Boston-Area Burglary Spree Comes To An End

In case all the reports of white collar crimes and pop icons assaulting each other, do not get the idea that plain everyday crimes like Massachusetts Breaking and Entering, aka the felony of Burglary, do not happen anymore. In fact, Steven M., 47, of Boston (hereinafter, the “Defendant”) is facing the music for a string of break-ins right now.

The Defendant is believed to be responsible for a string of home break-ins throughout the winter. Learning that the Brookline Police Department had issued a warrant for his arrest, he turned himself in last week.

The turning point in the investigation? DNA evidence.

Police got the DNA in December after a detective investigating the recent rash of break-ins saw someone walking down Winchester Street disappear down an alleyway to go behind a Fuller Street apartment complex, the scene of recent break-ins. The officer then observed the Defendant allegedly trying to stuff a flat screen TV into a duffel bag. He ordered the Defendant out of the area and he reportedly fled.

But he left the duffel bag behind.

Inside the bag, police found a pair of gloves and sent them to the Boston Crime Lab for analysis.

The DNA on the gloves reportedly matched DNA on a pair of gloves found at a break-in at 12 Fuller St. in March.

The police believe the Defendant is responsible for various break-ins that happened during this winter, and occurred between 4 and 8 p.m. They all involved unlocked windows as points of entry, and targeting flat screen TVs, computers and other small items.

Presently, the Defendant is being charged with two counts of breaking and entering and one count of receiving stolen property, police said. However, he is linked to 22 house break-ins from November 2008 to March 2009 so additional charges are likely to come.

Attorney Sam’s Take:

If the Defendant had kept the duffel bag, there would have been an suppression issue if the police searched it. However, the law recognizes the theory of “abandonment”. According to the police, this bag was abandoned and so the Defendant relinquished any expectation of privacy as to its contents.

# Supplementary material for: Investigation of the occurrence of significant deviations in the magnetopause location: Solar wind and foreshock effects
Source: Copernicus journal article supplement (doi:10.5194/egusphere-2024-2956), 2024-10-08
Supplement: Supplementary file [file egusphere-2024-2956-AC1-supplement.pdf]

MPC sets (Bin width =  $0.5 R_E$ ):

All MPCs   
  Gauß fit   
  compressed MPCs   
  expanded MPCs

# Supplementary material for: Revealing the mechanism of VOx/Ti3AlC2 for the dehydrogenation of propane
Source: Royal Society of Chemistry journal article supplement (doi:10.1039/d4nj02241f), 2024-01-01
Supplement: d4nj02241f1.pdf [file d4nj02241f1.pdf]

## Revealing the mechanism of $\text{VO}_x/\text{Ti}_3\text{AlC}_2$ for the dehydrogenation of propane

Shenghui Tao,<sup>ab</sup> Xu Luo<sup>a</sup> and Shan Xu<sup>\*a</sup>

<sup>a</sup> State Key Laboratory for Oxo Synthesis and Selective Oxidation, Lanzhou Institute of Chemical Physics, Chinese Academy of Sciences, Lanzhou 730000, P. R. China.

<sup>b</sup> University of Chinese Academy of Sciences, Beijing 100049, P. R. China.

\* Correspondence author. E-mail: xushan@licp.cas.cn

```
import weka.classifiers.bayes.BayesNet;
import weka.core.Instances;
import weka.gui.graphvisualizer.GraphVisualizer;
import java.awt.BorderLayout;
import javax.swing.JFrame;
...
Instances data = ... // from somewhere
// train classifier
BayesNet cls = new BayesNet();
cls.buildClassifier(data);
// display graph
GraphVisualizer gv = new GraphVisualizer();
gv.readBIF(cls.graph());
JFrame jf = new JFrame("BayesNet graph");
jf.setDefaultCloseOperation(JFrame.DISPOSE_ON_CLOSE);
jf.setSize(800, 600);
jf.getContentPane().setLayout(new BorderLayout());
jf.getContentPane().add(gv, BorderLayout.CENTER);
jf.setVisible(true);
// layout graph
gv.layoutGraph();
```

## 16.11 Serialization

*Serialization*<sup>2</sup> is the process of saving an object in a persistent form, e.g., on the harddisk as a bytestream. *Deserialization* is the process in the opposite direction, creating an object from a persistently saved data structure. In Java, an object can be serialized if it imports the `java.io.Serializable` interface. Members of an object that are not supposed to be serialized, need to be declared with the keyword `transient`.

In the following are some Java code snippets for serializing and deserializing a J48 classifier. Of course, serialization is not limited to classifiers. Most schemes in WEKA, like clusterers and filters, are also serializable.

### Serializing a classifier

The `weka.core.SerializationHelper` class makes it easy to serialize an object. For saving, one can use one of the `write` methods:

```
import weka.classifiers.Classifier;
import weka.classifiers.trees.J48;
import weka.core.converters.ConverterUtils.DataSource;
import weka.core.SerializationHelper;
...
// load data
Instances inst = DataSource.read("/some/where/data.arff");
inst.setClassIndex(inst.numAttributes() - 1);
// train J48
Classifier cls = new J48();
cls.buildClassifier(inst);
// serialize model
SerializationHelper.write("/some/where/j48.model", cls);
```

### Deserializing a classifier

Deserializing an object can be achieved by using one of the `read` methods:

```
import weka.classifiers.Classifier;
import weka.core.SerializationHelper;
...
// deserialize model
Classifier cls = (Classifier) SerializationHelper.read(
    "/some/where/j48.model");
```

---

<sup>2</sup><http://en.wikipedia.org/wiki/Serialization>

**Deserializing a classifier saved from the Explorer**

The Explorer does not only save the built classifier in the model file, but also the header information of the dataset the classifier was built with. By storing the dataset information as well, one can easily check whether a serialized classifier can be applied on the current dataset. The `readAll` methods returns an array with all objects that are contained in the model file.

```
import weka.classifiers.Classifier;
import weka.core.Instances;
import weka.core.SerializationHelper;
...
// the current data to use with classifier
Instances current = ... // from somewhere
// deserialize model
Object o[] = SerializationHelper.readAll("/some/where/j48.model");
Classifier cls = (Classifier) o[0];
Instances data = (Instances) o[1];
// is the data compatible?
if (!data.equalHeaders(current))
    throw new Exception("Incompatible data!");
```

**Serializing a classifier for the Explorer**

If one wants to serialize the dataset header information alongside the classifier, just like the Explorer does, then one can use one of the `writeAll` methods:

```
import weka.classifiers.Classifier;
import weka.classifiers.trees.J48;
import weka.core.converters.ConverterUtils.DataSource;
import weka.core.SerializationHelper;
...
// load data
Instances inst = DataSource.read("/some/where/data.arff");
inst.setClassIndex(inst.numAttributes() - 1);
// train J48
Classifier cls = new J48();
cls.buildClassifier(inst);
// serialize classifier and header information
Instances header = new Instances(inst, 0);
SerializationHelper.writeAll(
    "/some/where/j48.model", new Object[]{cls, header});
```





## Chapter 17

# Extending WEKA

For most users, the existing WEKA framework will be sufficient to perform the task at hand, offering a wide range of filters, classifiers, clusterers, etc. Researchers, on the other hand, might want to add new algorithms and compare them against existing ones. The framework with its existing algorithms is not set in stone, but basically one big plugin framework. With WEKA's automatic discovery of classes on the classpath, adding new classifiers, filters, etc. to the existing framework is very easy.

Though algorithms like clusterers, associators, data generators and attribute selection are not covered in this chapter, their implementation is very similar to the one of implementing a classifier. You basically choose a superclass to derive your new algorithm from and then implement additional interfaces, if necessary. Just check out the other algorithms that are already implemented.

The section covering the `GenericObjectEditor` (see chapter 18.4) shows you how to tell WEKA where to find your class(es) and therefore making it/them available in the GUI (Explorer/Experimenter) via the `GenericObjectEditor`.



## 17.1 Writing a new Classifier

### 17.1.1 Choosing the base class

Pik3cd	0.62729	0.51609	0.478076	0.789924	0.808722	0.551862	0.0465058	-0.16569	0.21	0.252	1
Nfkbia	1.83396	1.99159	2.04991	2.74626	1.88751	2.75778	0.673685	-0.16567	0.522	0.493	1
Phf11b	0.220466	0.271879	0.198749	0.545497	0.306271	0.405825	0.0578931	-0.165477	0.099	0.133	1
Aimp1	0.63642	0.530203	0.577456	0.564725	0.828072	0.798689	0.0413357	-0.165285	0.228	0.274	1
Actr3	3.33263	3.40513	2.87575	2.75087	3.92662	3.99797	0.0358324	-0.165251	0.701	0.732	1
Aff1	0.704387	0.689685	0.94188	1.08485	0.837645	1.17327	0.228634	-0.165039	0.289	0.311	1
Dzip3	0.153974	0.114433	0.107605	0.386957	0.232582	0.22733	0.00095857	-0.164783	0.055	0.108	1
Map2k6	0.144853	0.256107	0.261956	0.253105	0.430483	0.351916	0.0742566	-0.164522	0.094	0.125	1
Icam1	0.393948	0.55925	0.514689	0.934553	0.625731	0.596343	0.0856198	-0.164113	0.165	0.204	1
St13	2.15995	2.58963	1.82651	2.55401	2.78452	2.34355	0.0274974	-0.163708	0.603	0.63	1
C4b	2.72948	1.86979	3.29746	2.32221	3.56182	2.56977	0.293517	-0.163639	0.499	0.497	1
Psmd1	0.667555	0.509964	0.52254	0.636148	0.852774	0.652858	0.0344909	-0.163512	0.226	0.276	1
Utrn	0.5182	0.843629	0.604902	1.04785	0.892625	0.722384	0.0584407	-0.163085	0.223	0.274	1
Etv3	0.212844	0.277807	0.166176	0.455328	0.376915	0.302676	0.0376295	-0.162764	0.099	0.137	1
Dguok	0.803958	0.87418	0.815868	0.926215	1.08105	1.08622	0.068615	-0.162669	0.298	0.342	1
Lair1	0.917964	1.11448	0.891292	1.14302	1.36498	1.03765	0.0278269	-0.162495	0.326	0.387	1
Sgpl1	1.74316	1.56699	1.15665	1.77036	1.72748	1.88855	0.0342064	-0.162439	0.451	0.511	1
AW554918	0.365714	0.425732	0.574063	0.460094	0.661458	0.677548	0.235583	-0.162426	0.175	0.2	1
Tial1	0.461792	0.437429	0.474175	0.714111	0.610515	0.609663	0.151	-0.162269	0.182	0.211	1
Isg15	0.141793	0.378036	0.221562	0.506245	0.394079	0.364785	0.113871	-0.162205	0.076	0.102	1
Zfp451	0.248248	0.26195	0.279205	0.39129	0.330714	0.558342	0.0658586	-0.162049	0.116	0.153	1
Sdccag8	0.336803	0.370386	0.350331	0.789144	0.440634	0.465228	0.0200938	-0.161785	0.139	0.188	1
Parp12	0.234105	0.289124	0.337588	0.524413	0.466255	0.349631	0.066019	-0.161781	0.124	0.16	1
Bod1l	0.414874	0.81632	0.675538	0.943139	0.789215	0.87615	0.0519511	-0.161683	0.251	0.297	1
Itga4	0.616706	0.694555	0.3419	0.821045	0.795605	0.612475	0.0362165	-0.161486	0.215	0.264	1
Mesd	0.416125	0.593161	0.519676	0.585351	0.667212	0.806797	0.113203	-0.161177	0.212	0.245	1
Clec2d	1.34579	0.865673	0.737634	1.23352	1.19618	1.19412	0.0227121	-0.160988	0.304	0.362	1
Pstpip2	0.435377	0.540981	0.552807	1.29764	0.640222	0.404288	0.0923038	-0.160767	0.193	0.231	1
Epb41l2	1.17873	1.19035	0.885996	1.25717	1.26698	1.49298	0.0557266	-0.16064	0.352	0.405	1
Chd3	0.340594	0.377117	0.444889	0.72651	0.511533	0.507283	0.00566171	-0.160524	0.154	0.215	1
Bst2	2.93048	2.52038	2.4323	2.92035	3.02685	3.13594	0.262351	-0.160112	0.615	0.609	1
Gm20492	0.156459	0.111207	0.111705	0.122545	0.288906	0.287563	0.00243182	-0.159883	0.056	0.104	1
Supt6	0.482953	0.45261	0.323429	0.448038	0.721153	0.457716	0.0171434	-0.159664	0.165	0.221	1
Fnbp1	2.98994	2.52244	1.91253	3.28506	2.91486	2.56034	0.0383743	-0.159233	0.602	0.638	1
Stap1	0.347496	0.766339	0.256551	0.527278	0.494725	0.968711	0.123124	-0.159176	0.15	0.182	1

End of story? Not necessarily.

If the Defendant can show that the police forced him to leave the bag behind, or actually grabbed it out of his hands, the contents could be suppressed. If the contents are suppressed, the DNA evidence cannot be used by the Commonwealth.

In the meantime, this tale reminds us that investigations can be “high-tech” these days, including things like DNA. These investigations continue, often without the knowledge of the soon-to-be-defendant. For example, what if the DNA linked someone else to the break-ins? That person would likely be totally taken by surprise finding himself facing the Commonwealth Bracelets of Shame.

The laws regarding burglary and similar theft-related crimes can be a bit complicated. For example, there are different crimes for breaking into a home than a business. There are different penalties depending on whether the home invasion takes place during the day or during the night.

One thing the Defendant did right, though, was to surrender himself to the warrant rather than waiting for the police to come and get him. This likely helped during the bail argument.

All these considerations point to one bottom line. Namely, if you have reason to believe that there is an investigation, or even a warrant, pending with your name on it, the best thing you can do for yourself is retain a defense attorney who is experienced in dealing with these types of issues.

The full article of this story can be found at

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